Much of what would take up the majority of the time in a proper RPG feels like a waste in The Longest Five Minutes. Sure, you could grind to increase your power or gain a little extra coin to purchase a shiny new sword at the weaponsmith, but is there really a point? Human memory can be a very fallable thing and Flash’s is certainly no different. That fancy new hat or couple of extra XP levels make no difference, as anything earned in Flash Back’s memories are gone in the next minute. The only holdover between memories is a Reexperience level that holds some significance in the final battle, but I made no effort to continuously grind out battles to see what higher Reexperience levels would benefit in the long run.
Instead, I opted to use Flash’s Repel ability and dash through the latter half of the game and replaying previous memories to find the last few elusive trophies that I was missing. Suffering through zero encounters makes the dungeons a breeze, and while it trivialized some of Flash’s memories of lengthy dungeons, there was no risk of being underleveled for the next memory because of how each segment was separated from the next.
As Flash and the player delve deeper into those repressed memories, occasional plot choices force the player to make important decisions that could alter the story. Unfortunately, a great number of these don’t lead to any different outcome, save for a couple of bad endings. Much of the story leads into the same climactic final showdown and it isn’t until the last thirty seconds of the hero’s adventure that the player has the agency to make choices that truly matter. The Longest Five Minutes features a few different endings that are all dependant upon those crucial last seconds, so I definitely recommend hopping back into the old Memory Album to ‘reexperience’ a different ending for yourself.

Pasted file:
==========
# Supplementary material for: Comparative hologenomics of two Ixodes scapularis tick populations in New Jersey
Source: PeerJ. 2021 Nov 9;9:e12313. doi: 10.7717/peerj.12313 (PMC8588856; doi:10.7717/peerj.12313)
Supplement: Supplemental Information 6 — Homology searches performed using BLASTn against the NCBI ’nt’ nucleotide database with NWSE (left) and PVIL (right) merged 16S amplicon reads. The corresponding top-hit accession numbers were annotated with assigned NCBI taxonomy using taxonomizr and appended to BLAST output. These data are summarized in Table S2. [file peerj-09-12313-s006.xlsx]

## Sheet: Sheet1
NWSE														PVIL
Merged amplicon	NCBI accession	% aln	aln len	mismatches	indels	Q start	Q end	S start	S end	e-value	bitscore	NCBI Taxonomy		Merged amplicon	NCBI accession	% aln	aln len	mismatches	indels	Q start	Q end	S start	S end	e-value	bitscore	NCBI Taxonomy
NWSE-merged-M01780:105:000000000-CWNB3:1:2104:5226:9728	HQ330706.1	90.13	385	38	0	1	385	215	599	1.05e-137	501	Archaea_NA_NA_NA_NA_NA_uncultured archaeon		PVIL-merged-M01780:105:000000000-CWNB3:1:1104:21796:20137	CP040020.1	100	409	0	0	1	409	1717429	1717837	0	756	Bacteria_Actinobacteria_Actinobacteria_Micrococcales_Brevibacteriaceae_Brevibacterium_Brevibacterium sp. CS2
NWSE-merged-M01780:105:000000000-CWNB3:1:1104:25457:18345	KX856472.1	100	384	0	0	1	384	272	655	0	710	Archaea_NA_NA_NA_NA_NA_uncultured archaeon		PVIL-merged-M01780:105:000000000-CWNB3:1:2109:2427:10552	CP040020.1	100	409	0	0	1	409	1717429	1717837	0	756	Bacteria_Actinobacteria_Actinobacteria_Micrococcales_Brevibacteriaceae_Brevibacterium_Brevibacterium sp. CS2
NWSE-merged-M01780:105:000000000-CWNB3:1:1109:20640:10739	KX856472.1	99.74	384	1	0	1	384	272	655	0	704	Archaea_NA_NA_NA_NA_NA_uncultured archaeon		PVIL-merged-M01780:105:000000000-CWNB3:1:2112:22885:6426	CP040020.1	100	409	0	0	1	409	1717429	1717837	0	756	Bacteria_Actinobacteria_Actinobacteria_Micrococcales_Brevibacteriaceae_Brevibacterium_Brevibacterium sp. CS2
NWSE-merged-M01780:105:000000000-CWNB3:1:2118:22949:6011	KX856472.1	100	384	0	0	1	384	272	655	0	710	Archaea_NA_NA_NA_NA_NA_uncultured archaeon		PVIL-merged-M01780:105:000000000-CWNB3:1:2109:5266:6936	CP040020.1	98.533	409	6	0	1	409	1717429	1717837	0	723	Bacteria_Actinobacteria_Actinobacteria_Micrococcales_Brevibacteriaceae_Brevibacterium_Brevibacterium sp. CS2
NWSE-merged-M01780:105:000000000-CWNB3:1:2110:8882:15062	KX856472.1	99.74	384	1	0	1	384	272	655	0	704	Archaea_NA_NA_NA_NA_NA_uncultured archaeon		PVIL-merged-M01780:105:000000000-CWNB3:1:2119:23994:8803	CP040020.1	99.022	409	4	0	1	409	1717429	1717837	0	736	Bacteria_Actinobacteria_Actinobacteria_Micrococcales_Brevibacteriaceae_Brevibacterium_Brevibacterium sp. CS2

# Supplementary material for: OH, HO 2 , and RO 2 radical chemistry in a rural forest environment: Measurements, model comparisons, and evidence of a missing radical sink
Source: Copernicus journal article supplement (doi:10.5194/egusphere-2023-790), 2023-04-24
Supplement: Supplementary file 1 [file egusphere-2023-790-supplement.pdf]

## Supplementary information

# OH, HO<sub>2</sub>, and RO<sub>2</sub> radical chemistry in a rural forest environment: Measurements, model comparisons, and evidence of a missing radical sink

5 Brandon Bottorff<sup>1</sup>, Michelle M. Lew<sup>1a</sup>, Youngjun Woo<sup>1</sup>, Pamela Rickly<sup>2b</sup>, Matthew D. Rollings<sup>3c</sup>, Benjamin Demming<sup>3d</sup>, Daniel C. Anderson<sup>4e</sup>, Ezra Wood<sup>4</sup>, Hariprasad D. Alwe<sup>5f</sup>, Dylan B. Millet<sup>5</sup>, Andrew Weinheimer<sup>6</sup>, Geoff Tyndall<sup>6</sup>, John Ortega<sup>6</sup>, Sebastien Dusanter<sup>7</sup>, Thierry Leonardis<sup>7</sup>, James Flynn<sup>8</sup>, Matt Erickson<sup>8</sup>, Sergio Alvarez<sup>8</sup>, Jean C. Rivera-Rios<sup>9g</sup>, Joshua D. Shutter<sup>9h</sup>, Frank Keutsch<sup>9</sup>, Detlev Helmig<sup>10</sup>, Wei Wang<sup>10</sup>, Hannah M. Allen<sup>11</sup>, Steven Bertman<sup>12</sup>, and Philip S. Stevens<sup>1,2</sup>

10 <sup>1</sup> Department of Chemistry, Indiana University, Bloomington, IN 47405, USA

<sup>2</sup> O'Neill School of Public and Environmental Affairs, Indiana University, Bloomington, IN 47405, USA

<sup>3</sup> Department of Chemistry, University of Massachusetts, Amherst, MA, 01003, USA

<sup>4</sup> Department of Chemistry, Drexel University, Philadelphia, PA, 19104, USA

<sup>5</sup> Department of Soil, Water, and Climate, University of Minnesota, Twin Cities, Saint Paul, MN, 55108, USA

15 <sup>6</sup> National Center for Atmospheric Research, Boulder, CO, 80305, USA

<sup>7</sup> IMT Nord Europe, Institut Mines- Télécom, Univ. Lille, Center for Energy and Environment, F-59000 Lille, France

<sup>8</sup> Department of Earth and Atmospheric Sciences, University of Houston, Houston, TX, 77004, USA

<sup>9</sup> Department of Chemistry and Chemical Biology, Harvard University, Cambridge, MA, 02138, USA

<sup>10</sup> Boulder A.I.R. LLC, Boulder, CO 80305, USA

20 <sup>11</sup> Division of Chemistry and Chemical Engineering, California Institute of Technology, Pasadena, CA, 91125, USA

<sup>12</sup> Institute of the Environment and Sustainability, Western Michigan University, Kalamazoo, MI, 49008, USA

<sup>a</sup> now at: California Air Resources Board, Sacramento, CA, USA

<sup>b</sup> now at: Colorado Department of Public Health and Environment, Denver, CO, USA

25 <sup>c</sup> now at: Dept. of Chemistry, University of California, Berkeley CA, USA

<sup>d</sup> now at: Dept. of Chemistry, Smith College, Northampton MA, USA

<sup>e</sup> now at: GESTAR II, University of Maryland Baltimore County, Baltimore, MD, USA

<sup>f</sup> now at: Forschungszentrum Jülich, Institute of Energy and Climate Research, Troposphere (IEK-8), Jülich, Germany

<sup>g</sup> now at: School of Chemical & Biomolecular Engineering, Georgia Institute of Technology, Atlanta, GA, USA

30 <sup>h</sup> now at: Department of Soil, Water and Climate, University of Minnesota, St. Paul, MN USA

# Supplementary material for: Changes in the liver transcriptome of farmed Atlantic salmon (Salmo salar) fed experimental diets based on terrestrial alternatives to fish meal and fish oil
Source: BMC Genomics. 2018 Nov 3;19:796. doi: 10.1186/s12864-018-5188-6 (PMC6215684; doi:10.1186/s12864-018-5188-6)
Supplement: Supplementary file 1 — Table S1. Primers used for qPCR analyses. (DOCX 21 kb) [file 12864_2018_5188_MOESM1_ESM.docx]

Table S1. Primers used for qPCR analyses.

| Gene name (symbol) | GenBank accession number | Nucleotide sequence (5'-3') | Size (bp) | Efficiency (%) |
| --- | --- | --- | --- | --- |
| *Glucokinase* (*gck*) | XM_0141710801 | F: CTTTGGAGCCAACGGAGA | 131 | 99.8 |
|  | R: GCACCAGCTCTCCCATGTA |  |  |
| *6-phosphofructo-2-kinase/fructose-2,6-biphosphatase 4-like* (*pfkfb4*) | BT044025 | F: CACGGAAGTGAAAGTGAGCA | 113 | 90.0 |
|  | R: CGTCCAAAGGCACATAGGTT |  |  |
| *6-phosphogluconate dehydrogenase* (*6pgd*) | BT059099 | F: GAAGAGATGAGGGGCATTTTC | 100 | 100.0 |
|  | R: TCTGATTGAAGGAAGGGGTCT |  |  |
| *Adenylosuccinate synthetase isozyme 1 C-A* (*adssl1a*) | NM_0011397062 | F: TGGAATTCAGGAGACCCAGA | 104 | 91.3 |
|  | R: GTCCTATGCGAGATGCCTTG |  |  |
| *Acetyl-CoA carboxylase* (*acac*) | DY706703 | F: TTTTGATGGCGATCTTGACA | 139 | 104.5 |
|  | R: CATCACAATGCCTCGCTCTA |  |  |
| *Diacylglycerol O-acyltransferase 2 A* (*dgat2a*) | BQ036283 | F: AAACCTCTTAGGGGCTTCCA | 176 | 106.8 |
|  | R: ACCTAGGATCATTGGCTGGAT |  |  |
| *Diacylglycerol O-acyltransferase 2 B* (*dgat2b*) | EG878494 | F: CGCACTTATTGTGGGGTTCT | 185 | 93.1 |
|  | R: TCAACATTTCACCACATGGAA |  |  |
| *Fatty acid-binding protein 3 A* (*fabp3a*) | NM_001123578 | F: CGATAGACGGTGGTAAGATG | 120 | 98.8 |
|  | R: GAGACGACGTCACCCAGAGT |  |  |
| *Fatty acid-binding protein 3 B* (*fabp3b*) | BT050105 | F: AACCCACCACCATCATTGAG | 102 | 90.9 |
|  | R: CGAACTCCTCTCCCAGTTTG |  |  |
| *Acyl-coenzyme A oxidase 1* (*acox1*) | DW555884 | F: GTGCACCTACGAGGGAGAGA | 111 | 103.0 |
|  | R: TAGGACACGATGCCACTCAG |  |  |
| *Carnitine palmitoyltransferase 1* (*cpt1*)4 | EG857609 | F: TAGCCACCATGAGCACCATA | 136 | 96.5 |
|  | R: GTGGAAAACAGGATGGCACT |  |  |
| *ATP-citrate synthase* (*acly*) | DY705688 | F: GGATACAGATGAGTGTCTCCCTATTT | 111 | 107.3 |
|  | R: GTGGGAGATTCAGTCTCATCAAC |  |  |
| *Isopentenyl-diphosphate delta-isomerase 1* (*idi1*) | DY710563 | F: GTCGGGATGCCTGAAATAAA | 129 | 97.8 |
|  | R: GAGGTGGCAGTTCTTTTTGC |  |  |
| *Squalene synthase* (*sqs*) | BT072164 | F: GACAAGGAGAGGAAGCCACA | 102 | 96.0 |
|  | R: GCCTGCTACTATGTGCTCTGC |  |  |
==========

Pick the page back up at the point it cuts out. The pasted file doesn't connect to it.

Wrapping up The Longest Five Minutes thankfully takes a bit longer than its namesake, although not much longer. I had faced off against the Demon King and earned the first Platinum trophy in this title in a couple of afternoons, with time added for replaying previous memories and filling out the hero’s memory album. A more dedicated player could easily sit down with this retro RPG in the morning and feel accomplished just in time to craft some evening supper. For its premise, I think The Longest Five Minutes lasts just as long as it should and doesn’t overstay its welcome with unnecessary padding. It may not be the most satisfying RPG you’ll play all year, but The Longest Five Minutes certainly qualifies as an afternoon snack between major releases.
Reviewed on PS Vita (code provided by the publisher). You may purchase the game via Amazon.
An entire JRPG trimmed down to the length of a single afternoon, The Longest Five Minutes brings a Memento-esque experience that plays around with the plays with the concept of time and the fallibility of our own memories.
- Classic Dragon Warrior-styled JRPG combat
- Multiple endings
- Non-linear storytelling that feels like the movie Memento
- Satisfying way to kill an afternoon (or two)
- Easy platinum trophy
- Most story choices early on won't affect the ending
- Grinding EXP and earning loot doesn't persist between memories
- Some dungeons are far too long and don't reward the player for seeking out hidden treasure chests, as they'll just disappear in the next memory